Neil Combee

Neil Combee announces first wave of Polk County endorsements

A bundle of Polk County officials announced this week that they’re backing former Auburndale Republican Rep. Neil Combee in his bid for Florida’s 15th Congressional District.

The nods came in from current Republican Reps. Ben Albritton, Mike LaRosa and Josie Tomkow, who was recently elected to replace Combee in a special election for House District 39. Also on the list were former Rep. John Wood, Auburndale Mayor Tim Pospichal and Polk City Mayor Joe LaCascia.

Most of the endorsements praised Combee’s conservative bona fides – Albritton called him a “natural born leader,” LaCascia said Combee would never “forget who he is or where he comes from,” and Pospichal said “Main Street America needs Neil Combee.”

Tomkow’s endorsement was the most glowing. Combee was her first backer in the HD 39 contest and his upcoming kickoff fundraiser is set to be hosted at Sunny Acres Lodge, which is owned by the Tomkow family.

“I’ve known Neil and the Combee family my whole life, and there is no one who will fight harder for our area than him. He is fair, honest and humble. He means what he says, and his word is as good as gold. He is the only one in this race who will work to continue making America great again,” she said.

In accepting the endorsements, Combee stated “These folks wake up every day trying to make life better for their neighbors. That’s what service is about. It’s truly humbling to have earned their trust and support. The campaign is picking up momentum. Together we won’t let the liberals destroy our great Country.”

Combee was the first major candidate to declare for CD 15 after U.S. Rep. Dennis Ross’ announcement that he wouldn’t seek re-election in 2018. He is one of six Republicans to qualify for the ballot, alongside Dover Rep. Ross Spano, Sean HarperDanny KushmerCurt Rogers and Ed Shoemaker.

Also running for the safe Republican seat are Democrats Kristen CarlsonAndrew Learned and Ray Pena as well as three write-in candidates.

Spano is likely the best known of Combee’s primary rivals in the primary race.

CD 15 covers parts of Hillsborough, Polk and Lake counties. Spano’s base of support is in the Hillsborough portion, which is home to half of the district’s Republican voters. The Polk portion has about 40 percent of CD 15’s Republicans.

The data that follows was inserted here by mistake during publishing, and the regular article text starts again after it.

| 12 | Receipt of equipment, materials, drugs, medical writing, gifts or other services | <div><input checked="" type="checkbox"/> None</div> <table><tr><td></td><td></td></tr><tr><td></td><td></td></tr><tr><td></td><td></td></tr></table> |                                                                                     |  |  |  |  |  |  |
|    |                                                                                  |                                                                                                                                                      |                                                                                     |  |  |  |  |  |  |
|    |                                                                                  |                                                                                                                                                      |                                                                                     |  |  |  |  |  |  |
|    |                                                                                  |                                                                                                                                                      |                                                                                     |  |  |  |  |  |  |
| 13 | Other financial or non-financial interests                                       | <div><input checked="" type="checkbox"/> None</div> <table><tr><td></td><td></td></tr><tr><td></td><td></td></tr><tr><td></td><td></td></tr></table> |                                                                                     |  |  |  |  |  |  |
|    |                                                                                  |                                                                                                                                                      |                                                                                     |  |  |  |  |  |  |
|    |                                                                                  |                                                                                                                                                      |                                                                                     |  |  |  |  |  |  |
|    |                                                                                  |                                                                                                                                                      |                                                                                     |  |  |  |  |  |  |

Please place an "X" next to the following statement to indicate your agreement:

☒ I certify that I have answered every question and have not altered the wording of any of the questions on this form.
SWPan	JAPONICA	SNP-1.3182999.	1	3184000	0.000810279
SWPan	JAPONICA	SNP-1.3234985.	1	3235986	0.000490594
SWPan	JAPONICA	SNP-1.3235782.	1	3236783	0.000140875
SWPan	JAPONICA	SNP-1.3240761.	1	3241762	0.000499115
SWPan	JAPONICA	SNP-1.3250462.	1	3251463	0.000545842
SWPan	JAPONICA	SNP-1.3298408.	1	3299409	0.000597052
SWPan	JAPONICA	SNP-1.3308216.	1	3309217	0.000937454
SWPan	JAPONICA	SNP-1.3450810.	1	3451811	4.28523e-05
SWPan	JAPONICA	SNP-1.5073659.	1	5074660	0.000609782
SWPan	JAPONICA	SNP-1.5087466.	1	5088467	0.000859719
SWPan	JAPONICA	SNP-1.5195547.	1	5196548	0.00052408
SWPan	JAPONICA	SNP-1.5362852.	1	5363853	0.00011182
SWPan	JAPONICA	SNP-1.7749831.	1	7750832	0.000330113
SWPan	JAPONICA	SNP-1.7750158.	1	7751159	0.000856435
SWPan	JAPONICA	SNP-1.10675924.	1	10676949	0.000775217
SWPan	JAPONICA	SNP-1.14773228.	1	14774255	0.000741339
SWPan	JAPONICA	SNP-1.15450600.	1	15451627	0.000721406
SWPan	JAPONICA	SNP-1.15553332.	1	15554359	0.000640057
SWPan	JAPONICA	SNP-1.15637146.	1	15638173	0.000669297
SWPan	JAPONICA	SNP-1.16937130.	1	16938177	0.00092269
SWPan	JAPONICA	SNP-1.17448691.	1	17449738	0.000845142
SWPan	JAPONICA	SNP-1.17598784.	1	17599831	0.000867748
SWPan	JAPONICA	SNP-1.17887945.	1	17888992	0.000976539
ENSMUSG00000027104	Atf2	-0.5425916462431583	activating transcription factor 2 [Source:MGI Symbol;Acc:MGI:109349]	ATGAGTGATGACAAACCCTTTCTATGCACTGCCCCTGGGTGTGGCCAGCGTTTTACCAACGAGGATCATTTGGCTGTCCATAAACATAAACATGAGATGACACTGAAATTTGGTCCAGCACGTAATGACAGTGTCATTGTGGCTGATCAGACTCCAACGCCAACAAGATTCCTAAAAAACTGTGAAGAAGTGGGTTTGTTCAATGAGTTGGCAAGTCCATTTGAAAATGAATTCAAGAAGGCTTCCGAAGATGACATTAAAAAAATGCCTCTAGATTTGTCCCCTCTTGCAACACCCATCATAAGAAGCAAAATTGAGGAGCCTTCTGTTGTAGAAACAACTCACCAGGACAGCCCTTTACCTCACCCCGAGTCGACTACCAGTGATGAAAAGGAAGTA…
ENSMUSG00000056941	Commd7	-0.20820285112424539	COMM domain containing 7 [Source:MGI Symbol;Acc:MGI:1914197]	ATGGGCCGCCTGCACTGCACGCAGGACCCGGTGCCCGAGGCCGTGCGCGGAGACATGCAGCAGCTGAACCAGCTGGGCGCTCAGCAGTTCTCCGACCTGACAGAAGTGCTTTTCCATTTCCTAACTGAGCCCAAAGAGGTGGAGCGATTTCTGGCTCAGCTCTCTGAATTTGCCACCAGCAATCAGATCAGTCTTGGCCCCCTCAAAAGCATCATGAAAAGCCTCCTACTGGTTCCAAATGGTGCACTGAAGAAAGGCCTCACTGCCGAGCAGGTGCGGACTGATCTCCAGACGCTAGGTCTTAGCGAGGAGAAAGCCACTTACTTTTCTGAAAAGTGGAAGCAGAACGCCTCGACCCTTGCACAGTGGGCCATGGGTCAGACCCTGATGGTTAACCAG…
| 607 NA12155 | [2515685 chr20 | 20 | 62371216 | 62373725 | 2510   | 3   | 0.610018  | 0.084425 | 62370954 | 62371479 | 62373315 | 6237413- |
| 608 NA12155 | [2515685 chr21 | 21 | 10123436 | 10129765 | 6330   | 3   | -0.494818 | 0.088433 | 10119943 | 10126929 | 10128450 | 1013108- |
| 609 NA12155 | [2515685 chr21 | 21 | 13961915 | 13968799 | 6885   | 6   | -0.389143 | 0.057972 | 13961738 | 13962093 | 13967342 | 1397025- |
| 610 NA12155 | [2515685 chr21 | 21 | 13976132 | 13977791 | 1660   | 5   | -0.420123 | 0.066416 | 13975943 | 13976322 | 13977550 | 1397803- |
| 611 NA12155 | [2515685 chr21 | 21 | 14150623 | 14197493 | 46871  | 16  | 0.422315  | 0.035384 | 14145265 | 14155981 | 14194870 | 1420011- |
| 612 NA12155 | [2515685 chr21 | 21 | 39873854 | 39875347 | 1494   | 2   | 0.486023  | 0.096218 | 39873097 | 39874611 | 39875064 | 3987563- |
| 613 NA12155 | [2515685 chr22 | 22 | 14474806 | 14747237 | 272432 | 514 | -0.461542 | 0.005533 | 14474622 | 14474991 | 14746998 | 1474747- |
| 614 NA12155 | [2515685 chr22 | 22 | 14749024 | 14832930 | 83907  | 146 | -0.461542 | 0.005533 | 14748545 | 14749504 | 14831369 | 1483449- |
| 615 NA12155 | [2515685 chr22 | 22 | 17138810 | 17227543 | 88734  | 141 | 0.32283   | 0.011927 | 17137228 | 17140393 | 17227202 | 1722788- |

Spano is attempting to make inroads into Polk. He’s holding a campaign event this weekend in Lakeland, and has snagged endorsements from Winter Haven Republican Rep. Sam Killebrew and former Polk County Commissioner George Lindsey.

Combee’s Polk endorsements – the “first of many,” the campaign says – somewhat rebuff those efforts by showing off his strong support on his home turf. Nearly all of Combee’s former state House seat is within the boundaries of CD 15 and the last time he was on the ballot he took 62 percent of the vote.

Democrat Catherine Price files for Senate District 26

Lake Wales Democrat Catherine Price announced Friday that she would run for the Senate District 26 seat being vacated by Sebring Sen. Denise Grimsley, who is running for Agriculture Commissioner in the fall.

“Tallahassee seems to be broken and our state is in desperate need of better political leadership. We need legislators who are educated, experienced, and committed to working for the people, rather than puppeting for powerful special interests,” Price said in a press release.

“I cannot sit this one out in good conscious. We are at a critical juncture in Florida and in the world where we can choose to work together to solve the issues we face, or we can continue down the path of increased chaos and infighting.”

Price is a Lake Wales native and first-time candidate for public office. Price said the bulk of her career has been helping people get access to affordable healthcare, including organizing a successful half-cent sales tax ballot initiative that currently generates $36 mllion annually for indigent health care in Polk County

Price also served as Chairwoman of the Polk County Healthcare Alliance from 2007 to 2010.

“Too many hardworking people in Florida don’t have healthcare because they either don’t have access or it’s just too expensive. I’ve spent a lot of time advocating for affordable healthcare in Tallahassee and DC, and I can tell you that too many of these politicians just don’t get it,” she said.

Price joins Republican Rep. Ben Albritton in the race. Through the end of February he had raised $142,600 and had nearly $99,000 of that money in the bank.

SD 26 covers the whole of DeSoto, Glades, Hardee, Highlands and Okeechobee counties as well as parts of Charlotte, Lee and Polk.

The district, which has a similar footprint to the old District 21, carries a massive advantage for Republicans.

Grimsley did not face an Election Day challenger in the 2016 cycle, though the Senate redistricting plan shows the seat would have gone plus-20 for Mitt Romney in 2012. It also voted plus-30 for Donald Trump in 2016.

Despite those margins, Price said she’s optimistic.

“But in 2018, a year where Democrats are hopeful that national momentum will help them win in unlikely districts, Senate District 26 is absolutely in play,” her campaign announcement read.

Democrats file in Denise Grimsley, Katie Edwards-Walpole districts

Democratic candidates have opened campaign accounts to try to succeed Sen. Denise Grimsley, a Sebring Republican, and Rep. Katie EdwardsWalpole, a Plantation Democrat, in November.

Lake Wales Democrat Catherine Price opened an account last week to run in Senate District 26, which includes DeSoto, Glades, Hardee, Highlands, Okeechobee and parts of Charlotte, Lee and Polk counties, according to the state Division of Elections website.